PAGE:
Anyway, I was interested to see what this tabloid video might contain, and it does not even *attempt* to credibility.

The first scene is a grainy picture of a water bottle (apparently glass, from the link it makes when it falls) tipping like the Leaning Tower of Pisa over a table, and then finally falling.

Even a dimestore magician will attempt to show you that there is (supposedly) nothing artificially suspending the bottle.

I can easily think of several ways this “trick” could be achieved, such as gluing the bottle to the table, doing something with magnets, or hanging it by a very thin wire (a longstanding trick of stage and screen).

The second scene is “unworldly scratches” allegedly appearing on a guy’s back. First, it’s a very grainy video (again), with a very red tint, and there is no way to enlarge the small video. Second, the guy’s skin is rather red, overall, so I can barely even see the alleged scratches.

It starts off zooming in on the bottom of the guy’s back, mostly on his pants. It keeps swerving down on his pants and away from his body altogether (real professional camera work). It then focuses in on the “scratches,” which look just like the mild redness anyone gets after just scratching one’s skin. If the video showed a clear back, with a steady view, and the scratches apearing, that would be one thing.
But it doesn’t even *attempt* to this. Instead, the camera just moves back and forth around the guys back, zoomed in really tightly, and the muffled voices say things like, “Look, another one just appeared,” when all it did was move to another area of the back, or “Look, they just got darker,” when the camera was clearly changing its focus. Finally, the camera zooms out, and you see deeper cuts on the guy’s middle back that just haven’t been shown before–again, with the implicit claim that these “appeared” while it was being recorded.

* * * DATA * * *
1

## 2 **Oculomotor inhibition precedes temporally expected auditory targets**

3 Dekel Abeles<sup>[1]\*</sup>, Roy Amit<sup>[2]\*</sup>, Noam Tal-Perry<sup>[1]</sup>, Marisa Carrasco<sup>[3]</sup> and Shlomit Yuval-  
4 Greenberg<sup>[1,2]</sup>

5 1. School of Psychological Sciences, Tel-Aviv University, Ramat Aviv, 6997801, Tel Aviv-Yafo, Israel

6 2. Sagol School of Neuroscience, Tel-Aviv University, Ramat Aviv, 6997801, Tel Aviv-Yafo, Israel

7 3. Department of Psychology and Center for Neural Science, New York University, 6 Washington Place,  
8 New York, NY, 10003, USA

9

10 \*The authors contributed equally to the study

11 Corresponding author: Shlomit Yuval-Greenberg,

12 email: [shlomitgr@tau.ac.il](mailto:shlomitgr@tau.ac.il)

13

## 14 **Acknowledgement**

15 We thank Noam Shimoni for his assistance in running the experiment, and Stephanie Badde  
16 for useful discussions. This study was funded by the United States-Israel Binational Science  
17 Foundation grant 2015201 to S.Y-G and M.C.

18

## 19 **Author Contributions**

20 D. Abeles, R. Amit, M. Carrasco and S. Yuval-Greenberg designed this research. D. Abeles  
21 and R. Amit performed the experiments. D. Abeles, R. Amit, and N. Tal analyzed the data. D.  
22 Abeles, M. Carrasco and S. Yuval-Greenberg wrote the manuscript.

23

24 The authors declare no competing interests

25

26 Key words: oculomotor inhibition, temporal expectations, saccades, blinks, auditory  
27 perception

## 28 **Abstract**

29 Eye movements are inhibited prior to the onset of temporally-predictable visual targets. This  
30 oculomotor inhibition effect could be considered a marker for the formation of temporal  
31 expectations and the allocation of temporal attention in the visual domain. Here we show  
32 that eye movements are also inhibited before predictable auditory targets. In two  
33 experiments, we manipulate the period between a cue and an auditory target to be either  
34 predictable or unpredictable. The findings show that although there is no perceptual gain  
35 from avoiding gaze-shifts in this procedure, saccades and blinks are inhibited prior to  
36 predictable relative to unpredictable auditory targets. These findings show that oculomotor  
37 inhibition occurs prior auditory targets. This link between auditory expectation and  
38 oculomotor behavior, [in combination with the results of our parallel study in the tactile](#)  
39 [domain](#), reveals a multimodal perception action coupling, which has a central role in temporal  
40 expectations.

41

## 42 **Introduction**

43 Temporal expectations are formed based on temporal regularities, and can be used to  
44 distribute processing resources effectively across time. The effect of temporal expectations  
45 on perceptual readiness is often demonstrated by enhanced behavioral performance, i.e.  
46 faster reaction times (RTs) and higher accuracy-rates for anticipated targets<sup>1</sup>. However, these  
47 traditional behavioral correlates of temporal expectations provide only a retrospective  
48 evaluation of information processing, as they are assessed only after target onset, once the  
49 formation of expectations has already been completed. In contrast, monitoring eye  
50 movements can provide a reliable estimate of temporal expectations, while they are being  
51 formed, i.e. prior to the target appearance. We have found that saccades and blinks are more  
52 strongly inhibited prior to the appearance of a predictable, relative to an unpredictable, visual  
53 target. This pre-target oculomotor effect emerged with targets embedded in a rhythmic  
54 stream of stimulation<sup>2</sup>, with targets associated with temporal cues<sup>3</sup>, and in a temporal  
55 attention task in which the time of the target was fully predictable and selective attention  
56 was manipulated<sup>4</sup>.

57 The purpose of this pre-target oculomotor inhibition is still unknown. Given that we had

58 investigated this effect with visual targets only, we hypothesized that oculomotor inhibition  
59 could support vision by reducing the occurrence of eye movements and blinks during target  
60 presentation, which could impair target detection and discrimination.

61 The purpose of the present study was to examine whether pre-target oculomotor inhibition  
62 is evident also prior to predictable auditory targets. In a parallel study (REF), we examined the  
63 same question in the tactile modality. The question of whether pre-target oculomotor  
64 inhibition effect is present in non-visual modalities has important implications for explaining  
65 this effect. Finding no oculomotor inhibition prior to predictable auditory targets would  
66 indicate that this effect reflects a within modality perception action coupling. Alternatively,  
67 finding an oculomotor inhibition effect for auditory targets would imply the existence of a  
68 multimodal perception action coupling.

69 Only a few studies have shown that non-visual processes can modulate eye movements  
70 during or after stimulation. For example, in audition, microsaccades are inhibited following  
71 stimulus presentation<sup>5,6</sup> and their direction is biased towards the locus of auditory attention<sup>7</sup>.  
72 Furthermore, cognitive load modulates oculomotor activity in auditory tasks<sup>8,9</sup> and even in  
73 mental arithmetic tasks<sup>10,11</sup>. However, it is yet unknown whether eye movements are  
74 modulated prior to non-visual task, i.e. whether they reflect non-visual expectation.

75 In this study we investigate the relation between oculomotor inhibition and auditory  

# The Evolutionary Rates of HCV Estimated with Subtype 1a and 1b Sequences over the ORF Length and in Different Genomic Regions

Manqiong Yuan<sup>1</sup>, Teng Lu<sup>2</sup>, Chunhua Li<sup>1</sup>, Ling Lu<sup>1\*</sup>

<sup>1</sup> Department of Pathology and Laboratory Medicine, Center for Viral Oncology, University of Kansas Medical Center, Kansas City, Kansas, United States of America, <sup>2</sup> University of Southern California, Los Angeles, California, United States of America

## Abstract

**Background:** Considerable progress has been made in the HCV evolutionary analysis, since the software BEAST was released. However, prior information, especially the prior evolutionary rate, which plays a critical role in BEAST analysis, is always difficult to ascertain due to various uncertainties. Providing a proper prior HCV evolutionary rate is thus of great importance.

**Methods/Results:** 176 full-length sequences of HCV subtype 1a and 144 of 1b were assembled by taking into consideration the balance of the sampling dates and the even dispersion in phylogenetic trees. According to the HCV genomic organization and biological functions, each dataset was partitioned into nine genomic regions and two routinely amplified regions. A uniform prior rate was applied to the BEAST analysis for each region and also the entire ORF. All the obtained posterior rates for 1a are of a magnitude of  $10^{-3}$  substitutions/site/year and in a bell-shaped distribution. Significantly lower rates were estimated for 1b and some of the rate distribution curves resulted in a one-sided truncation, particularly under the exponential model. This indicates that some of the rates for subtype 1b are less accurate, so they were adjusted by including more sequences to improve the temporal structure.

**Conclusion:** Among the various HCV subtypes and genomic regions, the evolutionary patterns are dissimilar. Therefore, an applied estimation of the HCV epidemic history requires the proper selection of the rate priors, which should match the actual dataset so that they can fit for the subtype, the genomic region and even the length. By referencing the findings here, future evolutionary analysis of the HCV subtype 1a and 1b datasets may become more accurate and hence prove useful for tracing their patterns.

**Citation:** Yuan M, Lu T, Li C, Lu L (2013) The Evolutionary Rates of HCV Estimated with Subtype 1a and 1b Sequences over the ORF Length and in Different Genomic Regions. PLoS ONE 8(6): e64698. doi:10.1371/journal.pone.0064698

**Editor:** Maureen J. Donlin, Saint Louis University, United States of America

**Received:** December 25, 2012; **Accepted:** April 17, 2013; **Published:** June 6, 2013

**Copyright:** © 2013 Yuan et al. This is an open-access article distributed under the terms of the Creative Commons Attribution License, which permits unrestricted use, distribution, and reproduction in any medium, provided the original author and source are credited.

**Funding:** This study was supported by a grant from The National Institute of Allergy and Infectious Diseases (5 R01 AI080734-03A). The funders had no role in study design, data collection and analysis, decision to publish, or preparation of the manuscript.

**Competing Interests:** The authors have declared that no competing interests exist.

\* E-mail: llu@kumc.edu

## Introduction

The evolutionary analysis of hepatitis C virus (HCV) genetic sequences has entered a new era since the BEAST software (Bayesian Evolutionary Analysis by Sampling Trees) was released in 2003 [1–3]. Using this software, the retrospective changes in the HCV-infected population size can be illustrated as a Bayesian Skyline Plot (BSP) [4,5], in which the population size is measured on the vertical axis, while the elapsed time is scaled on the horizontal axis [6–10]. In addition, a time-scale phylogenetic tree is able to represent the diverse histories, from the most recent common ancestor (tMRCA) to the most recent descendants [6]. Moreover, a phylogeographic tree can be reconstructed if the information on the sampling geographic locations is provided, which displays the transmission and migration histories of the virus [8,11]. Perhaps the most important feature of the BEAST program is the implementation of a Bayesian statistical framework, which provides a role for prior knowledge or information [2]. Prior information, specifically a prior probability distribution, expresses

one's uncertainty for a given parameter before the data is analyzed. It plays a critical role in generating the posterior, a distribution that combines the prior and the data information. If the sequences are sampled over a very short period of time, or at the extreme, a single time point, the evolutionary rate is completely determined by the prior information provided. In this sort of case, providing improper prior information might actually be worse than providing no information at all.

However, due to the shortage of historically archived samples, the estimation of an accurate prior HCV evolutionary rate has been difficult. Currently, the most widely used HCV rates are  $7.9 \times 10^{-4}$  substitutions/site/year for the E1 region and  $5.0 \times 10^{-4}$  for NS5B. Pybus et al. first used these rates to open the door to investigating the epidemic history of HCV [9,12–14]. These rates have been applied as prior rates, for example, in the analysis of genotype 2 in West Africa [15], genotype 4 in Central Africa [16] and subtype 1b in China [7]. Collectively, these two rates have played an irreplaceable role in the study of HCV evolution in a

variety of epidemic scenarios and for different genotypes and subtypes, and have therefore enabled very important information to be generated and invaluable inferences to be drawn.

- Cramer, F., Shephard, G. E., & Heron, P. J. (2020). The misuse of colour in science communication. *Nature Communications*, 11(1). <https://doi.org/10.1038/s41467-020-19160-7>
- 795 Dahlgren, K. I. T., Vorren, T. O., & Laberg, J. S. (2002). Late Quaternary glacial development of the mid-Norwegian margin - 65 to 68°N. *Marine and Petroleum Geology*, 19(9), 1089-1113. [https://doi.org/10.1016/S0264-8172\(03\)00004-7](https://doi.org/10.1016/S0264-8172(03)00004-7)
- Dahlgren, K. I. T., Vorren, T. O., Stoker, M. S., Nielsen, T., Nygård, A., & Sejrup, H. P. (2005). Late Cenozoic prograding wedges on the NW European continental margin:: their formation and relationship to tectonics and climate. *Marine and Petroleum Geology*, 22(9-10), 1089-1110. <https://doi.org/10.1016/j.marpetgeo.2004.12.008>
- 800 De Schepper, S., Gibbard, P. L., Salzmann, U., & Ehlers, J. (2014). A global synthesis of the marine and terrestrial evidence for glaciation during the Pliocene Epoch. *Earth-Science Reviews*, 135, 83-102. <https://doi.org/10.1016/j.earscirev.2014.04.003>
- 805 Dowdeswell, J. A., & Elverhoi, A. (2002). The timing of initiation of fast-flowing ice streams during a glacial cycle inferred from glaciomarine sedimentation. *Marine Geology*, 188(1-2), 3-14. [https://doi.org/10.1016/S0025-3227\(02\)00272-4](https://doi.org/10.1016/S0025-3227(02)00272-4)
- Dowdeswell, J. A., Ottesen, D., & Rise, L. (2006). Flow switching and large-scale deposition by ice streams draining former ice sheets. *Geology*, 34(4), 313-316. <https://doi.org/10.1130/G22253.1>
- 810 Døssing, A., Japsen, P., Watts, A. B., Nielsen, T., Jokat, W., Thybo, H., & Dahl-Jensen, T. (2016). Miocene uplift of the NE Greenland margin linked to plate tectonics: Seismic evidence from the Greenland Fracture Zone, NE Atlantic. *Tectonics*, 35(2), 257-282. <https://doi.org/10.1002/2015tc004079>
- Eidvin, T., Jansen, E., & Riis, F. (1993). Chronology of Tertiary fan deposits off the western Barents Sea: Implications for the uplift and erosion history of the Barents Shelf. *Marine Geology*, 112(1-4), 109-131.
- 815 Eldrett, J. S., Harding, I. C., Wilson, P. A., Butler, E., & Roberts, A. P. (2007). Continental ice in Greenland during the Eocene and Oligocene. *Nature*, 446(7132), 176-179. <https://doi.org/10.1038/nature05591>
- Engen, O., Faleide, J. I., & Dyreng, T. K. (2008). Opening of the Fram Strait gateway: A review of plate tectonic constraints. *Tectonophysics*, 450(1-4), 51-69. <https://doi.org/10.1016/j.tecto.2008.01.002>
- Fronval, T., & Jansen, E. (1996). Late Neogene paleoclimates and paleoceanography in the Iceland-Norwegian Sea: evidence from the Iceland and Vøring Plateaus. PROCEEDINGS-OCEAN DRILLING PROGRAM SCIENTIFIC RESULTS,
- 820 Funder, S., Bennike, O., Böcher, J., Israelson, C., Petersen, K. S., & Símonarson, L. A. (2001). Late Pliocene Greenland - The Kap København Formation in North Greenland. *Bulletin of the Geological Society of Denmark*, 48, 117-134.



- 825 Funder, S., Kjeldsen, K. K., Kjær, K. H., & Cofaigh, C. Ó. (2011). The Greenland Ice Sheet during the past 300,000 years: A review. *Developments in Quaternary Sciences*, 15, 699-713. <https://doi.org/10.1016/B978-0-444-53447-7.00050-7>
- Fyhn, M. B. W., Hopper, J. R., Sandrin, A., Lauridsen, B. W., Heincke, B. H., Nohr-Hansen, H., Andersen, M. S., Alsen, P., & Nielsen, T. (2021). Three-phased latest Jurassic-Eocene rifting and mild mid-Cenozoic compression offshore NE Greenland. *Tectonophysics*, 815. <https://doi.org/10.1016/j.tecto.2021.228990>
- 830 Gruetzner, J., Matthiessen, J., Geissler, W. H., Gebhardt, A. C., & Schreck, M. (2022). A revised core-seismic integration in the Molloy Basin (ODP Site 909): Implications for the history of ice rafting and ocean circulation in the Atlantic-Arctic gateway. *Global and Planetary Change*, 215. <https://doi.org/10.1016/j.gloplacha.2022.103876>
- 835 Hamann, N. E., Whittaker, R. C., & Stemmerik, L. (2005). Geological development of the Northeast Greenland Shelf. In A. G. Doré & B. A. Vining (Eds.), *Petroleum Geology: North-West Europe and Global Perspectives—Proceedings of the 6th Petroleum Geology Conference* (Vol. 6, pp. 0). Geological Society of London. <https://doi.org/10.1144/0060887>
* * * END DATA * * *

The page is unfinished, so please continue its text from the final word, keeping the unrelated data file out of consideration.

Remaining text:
Yeah, right.

One of the main arguments for embryonic stem cell research is debunked

By Harvard no less.

One of the most seemingly “legitimate” justifications for ESCR is the issue of genetic disorders. It is easy to see why it’s easier to heal someone’s broken leg with his or her own stem cells. But it is also easy to see why doctors might want to seek cures for genetic defects using embryonic cells.

It is also often stated that embryonic stem cells have “chameleon” properties that adult stem cells lack (of course, the problem is that those “chameleon-like” properties, when applied to living adult patients, cause cancer). Well, Harvard researchers have created stem cell lines for 10 genetic disorders by reprogramming adult stem cells to act like embryonic stem cells, so they can see the tissue development in those disorders.

Here’s something I don’t understand about articles like this. 13 years ago, I donated my own skin so researchers could study the tissue development of Marfan syndrome. They wanted a deep chunk of my skin–all the way down to the muscle–so they could get the stem cells. I still have the scar on the back of my arm and consider it a badge of honor, even more than the much larger scars from my heart surgery a year later.

So what is the big deal?